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St Mary, High Easter

High Easter

clerestory and porch (16th Century)

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  This is a large and impressive church that might have felt more at home in Norfolk or Suffolk were it not for the striking and memorable red brick clerestory raised in the early 16th Century and the accompanying battlemented porch, the material so familiar from Essex buildings of this time. Pevsner notes that the nave and chancel are essentially those of a preceding Norman church, but later arcades and aisles with their window tracery give it a feel , from the exterior at least, as being almost entirely of the late medieval period.

Even on a bright day the great space you step into can seem a little gloomy with its middle-brow floors and furnishings, a fairly urban affair of the 1860s, and this is perhaps because the restoration here was carried out at the hands of Frederic Chancellor, by no means always a happy circumstance. Still, the bones of the building survive, and looking east is to see the surprise of two triple light windows above the off-centre chancel arch. Best of all are the bosses in the low-canted roof above the clerestory. Among them, a man in a cowl lifts his cloak, a man sticks his tongue out and a cherub rises from an urn. There is a creature with a human head, a green man and what looks like a cat, though it may be intended as a lion.

person in a cowl lifting up their cloak green man cat
head man sticking his tongue out creature with a human head
cherub above an urn cherub long-haired man

A restored parclose screen from the start of the 15th Century sits at the east end of the north aisle, and may suggest a date for the completion of the church a century before the roof was raised and the clerestory added. The only other old survival in the nave is the font, a curiously primitive affair considering its size, the bowl with panels depicting the evangelistic symbols alternating with angels holding shields, though it is quite unlike the East Anglian series of fonts that feature this sequence. Glass of 1868 in the north aisle depicts a series of figures of saints by Heaton, Butler & Bayne, including St Valentine, and I cannot think of another representation of him in an Essex church, or indeed in any of the churches of Cambridgeshire, Norfolk or Suffolk either. The other figures here are St Edmund, St George and St Dorothy.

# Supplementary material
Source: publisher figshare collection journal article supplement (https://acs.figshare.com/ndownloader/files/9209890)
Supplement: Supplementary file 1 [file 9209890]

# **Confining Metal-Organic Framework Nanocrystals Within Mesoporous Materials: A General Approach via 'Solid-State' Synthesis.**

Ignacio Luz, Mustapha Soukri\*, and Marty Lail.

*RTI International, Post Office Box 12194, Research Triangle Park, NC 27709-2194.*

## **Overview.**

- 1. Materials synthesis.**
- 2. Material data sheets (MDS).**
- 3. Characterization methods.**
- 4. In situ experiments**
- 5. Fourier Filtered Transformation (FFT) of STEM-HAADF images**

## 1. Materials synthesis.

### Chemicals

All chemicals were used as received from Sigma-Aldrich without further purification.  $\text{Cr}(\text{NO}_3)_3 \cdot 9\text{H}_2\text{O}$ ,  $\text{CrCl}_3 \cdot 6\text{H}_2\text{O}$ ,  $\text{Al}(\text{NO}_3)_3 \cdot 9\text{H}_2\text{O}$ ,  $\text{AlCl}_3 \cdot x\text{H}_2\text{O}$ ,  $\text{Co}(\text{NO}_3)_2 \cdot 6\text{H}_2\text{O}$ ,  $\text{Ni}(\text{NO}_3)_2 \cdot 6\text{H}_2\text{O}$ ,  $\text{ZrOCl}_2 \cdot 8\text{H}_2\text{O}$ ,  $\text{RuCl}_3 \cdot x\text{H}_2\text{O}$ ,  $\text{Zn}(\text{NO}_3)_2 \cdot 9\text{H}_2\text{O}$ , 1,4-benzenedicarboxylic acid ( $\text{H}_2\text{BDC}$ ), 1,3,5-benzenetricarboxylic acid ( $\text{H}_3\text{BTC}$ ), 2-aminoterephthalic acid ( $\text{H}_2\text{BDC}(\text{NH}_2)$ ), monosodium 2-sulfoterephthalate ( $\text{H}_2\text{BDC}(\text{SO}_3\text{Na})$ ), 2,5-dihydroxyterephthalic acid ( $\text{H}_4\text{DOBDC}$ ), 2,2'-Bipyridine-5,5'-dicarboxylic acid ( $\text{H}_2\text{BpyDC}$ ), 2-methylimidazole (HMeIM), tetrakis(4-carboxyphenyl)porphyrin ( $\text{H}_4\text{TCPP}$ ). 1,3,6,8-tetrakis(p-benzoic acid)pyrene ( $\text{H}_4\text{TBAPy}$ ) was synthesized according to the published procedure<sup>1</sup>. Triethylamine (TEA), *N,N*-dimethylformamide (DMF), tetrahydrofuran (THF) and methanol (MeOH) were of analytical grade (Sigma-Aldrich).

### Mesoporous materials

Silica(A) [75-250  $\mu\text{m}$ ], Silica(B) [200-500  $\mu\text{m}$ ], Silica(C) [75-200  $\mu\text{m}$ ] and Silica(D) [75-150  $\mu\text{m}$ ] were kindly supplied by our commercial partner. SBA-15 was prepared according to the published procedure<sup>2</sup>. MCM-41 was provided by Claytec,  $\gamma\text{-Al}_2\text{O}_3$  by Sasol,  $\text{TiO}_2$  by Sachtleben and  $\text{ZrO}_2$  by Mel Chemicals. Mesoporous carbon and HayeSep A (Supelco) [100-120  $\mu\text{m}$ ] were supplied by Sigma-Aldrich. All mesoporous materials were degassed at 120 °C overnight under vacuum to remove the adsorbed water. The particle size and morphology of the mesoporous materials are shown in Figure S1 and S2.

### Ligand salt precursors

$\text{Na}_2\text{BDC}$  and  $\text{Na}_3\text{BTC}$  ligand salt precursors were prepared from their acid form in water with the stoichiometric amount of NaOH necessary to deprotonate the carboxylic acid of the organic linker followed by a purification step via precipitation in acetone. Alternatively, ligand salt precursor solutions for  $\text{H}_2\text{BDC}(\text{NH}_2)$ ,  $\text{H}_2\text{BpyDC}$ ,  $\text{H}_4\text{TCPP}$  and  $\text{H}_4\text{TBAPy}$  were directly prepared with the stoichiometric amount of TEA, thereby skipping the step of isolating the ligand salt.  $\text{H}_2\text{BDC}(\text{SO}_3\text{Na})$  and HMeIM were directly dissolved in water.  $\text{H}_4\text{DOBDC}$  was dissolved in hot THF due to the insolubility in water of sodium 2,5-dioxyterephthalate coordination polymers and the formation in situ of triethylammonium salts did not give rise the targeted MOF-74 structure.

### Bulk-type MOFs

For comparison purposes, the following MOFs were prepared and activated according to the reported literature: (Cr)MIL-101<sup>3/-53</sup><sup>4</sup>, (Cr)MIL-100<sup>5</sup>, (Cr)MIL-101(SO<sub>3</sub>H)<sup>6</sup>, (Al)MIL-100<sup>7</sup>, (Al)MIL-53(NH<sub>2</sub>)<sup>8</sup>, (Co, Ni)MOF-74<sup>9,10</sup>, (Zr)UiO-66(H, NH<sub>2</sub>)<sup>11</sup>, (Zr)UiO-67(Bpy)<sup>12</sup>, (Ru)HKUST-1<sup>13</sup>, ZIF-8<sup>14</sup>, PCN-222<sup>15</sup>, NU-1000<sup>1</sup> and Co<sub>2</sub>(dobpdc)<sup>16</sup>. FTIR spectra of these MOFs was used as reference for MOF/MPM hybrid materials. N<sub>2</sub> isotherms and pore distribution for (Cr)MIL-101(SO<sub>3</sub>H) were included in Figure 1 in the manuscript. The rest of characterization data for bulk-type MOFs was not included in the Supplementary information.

The best glass in the church is the 1931 east window by Martin Travers, an artist who was always more than competent and here especially so. The scenes of the Annunciation, the Nativity and the Presentation in the Temple flow into each other, and from a distance appear almost to form a single scene.

Annunciation, Nativity, Presentation in the Temple (Martin Travers, 1931) Annunciation (Martin Travers, 1931) Nativity (Martin Travers, 1931) Presentation in the Temple (Martin Travers, 1931) I have seen with my own eyes the coming of Salvation
and she wrapped him in swaddling clothes and laid him in the manger Gabriel at the Annunciation Mary at the Annunciation

There are a couple of pieces of old glass, a Tudor royal arms and an M monogram that would presumably have been associated with an image of the Blessed Virgin, but such details are thin on the ground in comparison with the sheer scale of the anonymous, urban space they inhabit. Most striking of all perhaps is quite how few memorials there are here, in comparison with so many grand churches which are home to the expensive monuments of successive generations of their wealthy local families. Such memorials are not always well done of course, and those that they remember may appal us at this distance, but such things do provide a counterpoint beat to the passage of a church building over time, telling us as much about the lives of the ordinary people of the parish as they do of their masters. Here, there are only a few scraps remaining of our ancestors' imaginations to speak for them.

Simon Knott, December 2021

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High Easter looking east looking west
font Tudor royal arms M European War
St Edmund St George St Valentine (Heaton, Butler & Bayne, 1862) St Dorothy
Samuel in the house of Eli, Lois with Eunice and Timothy (Heaton, Butler & Bayne?) St Valentine and St Dorothy (Heaton, Butler & Bayne, 1868) St Edmund and St George (Heaton, Butler & Bayne, 1868) Life of Christ (Heaton, Butler & Bayne?)


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